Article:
Lack of Practice
Table of Contents
Training Sessions Too LongIt’s great to take initiative with your dog’s training, but it’s important to realize that dogs, especially in their puppy stage, easily get bored and distracted. Having overly long training sessions, particularly those that focus on one specific trick, makes dogs bored and frustrated. They may even correlate the trick and command to a negative experience and fail to do it in the future. Training sessions should last no longer than 10 minutes, and they should be kept to a maximum of three times a day. Spacing out training sessions and including plenty of playtime between them will help keep your dog happy and open for more training.
Not Using Rewards ProperlyDogs need praise and some form of reward to understand that performing a certain command when told results in a positive outcome for them. Verbal praise is necessary, but it is not enough on its own. Use something that your dog loves as a training treat, such as chicken or their favorite type of biscuit. Don’t use toys, as this may prompt the dog to play instead of train. Only give the dog the treat when they’ve performed the action. Slowly wean the dog down from getting a treat after every trick to doing it every so often. This will prevent the dog from getting reliant on the treats without taking away their rewards entirely.
Using the Crate as a PunishmentCanines are den-dwelling animals. They like cozy areas where they feel encompassed and safe. For any dogs, their crate is this area. Dogs should be trained to understand that their crate is their home within the home. It’s a place where they can relax and sleep, not a place that they’re forced into when they’ve done something wrong. Since dogs sometimes need to be crated for travel purposes, house training, and staying home alone, it’s best to assure them as much as possible that the crate is a nice place to be. Otherwise, it can be a nightmare to get them into the crate, and they could develop anxiety problems over time.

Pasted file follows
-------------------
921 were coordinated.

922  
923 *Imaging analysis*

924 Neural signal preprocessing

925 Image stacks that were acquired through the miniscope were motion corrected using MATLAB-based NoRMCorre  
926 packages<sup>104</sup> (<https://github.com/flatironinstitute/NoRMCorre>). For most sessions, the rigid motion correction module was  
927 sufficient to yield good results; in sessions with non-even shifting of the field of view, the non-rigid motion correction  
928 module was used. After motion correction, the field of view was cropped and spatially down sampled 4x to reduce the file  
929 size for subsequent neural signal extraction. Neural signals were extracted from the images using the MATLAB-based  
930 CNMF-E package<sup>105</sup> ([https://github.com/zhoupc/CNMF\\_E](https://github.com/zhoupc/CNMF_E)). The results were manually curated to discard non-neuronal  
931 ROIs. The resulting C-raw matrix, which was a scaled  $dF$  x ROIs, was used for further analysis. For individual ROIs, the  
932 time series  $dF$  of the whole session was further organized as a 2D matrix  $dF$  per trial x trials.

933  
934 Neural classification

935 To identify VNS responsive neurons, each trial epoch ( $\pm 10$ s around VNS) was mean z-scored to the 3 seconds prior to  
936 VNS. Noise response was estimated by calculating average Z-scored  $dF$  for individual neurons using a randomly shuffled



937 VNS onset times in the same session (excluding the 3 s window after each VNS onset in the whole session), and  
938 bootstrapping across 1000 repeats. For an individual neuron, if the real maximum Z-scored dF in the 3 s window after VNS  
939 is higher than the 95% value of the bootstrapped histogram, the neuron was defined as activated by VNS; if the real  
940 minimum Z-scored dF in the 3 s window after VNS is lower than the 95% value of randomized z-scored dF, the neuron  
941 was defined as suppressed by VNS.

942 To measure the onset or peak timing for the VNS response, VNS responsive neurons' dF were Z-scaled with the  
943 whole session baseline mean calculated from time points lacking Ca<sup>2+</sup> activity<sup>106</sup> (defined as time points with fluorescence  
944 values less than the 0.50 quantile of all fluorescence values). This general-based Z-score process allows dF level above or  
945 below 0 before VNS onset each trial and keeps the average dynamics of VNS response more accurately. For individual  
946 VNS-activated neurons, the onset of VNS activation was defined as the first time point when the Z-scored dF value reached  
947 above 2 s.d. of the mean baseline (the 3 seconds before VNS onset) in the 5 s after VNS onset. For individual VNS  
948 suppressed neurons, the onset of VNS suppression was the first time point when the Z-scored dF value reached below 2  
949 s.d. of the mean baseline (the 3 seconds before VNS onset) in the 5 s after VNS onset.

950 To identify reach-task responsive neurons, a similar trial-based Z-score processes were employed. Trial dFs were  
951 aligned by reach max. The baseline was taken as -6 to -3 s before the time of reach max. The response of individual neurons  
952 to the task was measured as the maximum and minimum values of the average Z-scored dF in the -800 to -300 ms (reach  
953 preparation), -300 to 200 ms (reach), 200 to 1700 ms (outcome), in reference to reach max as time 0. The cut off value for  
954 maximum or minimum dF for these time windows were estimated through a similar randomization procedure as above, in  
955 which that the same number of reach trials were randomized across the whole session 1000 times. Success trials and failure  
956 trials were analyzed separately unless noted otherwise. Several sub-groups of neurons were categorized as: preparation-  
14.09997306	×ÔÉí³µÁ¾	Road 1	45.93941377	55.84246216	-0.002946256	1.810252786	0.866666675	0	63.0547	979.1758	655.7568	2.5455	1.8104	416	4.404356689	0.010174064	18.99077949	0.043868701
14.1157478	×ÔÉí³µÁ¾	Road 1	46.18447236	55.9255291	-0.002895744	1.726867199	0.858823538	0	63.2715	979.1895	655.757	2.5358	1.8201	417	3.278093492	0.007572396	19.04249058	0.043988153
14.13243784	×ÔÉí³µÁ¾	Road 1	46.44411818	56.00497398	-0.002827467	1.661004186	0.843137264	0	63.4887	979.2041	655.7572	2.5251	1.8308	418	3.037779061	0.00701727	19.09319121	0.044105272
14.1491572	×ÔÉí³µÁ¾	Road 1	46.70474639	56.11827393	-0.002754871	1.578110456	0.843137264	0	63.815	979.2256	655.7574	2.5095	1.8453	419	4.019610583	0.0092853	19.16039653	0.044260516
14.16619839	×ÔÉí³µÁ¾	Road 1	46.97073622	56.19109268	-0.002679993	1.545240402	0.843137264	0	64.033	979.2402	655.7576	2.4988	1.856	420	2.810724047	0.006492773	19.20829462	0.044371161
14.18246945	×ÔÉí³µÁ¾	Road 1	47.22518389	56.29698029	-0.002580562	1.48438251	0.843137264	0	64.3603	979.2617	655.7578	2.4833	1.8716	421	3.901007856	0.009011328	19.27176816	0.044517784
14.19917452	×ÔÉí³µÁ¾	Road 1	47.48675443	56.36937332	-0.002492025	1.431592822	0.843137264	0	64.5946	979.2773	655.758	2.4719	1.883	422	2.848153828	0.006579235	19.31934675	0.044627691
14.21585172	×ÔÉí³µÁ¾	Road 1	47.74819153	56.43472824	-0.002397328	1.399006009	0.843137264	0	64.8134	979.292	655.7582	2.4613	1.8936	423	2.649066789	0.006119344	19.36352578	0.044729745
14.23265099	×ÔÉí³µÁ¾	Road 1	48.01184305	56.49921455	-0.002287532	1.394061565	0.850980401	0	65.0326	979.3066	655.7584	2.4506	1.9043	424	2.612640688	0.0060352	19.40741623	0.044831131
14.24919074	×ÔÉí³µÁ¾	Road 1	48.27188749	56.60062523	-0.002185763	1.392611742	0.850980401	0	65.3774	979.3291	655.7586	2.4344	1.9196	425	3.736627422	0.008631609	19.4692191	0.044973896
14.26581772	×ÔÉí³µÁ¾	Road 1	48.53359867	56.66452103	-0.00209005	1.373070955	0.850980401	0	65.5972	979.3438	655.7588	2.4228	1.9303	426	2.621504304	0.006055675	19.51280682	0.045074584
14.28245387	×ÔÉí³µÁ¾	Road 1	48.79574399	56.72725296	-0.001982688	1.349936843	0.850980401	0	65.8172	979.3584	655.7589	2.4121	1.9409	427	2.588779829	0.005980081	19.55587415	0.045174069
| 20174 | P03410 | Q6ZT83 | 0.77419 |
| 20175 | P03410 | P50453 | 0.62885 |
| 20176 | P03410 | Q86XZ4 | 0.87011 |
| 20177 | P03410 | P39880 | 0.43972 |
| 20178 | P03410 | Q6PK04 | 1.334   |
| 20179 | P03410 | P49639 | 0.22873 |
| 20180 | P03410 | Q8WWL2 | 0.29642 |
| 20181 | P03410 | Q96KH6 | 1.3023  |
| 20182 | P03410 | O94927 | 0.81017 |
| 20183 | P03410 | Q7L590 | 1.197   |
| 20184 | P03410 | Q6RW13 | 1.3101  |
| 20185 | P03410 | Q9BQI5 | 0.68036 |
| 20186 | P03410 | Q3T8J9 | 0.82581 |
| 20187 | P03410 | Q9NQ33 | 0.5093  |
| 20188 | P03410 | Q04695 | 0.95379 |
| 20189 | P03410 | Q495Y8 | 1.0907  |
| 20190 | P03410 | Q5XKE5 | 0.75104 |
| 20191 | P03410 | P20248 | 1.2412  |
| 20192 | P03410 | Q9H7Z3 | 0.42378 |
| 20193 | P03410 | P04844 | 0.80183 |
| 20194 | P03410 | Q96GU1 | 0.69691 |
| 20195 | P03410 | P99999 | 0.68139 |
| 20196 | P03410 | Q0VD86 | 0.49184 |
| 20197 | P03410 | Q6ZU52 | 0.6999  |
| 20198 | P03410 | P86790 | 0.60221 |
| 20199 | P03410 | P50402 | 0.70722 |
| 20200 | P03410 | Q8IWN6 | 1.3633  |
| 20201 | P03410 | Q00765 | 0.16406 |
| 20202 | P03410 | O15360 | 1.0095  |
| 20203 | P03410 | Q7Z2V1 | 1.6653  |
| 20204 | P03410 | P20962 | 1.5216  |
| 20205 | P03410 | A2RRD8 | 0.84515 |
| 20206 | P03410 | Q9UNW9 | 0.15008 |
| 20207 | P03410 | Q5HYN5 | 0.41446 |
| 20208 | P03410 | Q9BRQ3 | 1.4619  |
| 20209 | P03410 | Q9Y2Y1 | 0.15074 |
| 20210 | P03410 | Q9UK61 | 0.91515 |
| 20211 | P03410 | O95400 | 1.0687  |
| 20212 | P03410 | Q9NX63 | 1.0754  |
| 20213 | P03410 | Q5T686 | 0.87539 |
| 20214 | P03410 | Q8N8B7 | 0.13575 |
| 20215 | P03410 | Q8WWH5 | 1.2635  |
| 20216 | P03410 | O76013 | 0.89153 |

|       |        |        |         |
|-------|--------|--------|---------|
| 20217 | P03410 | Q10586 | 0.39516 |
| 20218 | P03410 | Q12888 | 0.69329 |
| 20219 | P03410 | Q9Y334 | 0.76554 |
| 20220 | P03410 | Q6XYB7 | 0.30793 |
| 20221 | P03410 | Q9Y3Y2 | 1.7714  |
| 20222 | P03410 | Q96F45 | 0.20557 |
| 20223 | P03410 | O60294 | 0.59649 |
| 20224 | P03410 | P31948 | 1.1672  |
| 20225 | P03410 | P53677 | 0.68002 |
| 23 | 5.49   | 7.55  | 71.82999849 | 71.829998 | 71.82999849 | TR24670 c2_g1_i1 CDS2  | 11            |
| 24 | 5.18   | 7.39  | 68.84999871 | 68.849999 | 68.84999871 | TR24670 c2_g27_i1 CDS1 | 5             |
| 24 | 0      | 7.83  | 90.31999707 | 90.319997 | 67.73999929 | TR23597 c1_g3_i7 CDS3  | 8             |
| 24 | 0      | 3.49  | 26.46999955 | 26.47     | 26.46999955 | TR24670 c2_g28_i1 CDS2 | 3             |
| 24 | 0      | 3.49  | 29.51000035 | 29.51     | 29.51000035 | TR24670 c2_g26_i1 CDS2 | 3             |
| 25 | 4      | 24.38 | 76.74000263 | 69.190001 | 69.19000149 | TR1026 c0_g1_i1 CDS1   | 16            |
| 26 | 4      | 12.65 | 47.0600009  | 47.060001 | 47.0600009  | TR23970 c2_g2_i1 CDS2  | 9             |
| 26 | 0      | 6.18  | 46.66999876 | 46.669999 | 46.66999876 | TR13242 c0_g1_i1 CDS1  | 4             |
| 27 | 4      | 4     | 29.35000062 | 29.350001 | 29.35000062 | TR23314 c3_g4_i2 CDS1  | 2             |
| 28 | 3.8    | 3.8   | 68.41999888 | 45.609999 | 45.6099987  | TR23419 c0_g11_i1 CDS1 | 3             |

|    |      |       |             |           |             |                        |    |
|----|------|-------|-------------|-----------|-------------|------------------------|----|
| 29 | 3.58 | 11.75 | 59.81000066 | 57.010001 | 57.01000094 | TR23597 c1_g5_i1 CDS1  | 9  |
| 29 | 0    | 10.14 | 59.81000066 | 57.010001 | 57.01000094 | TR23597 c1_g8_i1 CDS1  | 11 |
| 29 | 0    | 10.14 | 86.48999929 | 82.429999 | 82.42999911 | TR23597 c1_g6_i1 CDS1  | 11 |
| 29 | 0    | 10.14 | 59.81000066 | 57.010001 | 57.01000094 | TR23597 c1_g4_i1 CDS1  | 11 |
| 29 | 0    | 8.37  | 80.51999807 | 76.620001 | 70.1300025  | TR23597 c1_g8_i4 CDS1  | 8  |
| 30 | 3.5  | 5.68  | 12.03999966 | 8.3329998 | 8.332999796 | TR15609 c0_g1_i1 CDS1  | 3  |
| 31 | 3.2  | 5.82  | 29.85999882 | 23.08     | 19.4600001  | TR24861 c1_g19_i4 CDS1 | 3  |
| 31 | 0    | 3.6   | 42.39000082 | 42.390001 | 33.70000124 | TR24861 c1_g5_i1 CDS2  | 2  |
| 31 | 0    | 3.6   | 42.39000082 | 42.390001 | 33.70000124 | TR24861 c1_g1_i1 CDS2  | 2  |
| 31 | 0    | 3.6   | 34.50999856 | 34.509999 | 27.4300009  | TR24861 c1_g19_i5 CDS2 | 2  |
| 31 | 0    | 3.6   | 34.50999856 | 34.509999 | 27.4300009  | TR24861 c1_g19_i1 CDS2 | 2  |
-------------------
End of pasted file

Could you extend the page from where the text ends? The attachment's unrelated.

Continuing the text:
Rephrasing CommandsConsistency is key in training dogs. If you teach a dog to lie down by saying “down,” only say “down” to prompt that action. Don’t switch to “lie down or “go lie down.” They have been taught to correlate one command with one action. Changing this command, even slightly, may result in a confused dog and a frustrated owner. Stick to one command per trick. If you slip up, catch yourself as quickly as you can and change to the correct command. This will help solidify the command in your dog’s mind and improve communication in long-term training. Even if your dog needs a professional dog trainer, you are responsible for keeping up their training throughout their lives. You don’t need to go to dog training school to help keep your dog well behaved and happy. As long as you avoid these mistakes and share the workload of training with your dog, you will be sure to have your best friend be on their best behavior.
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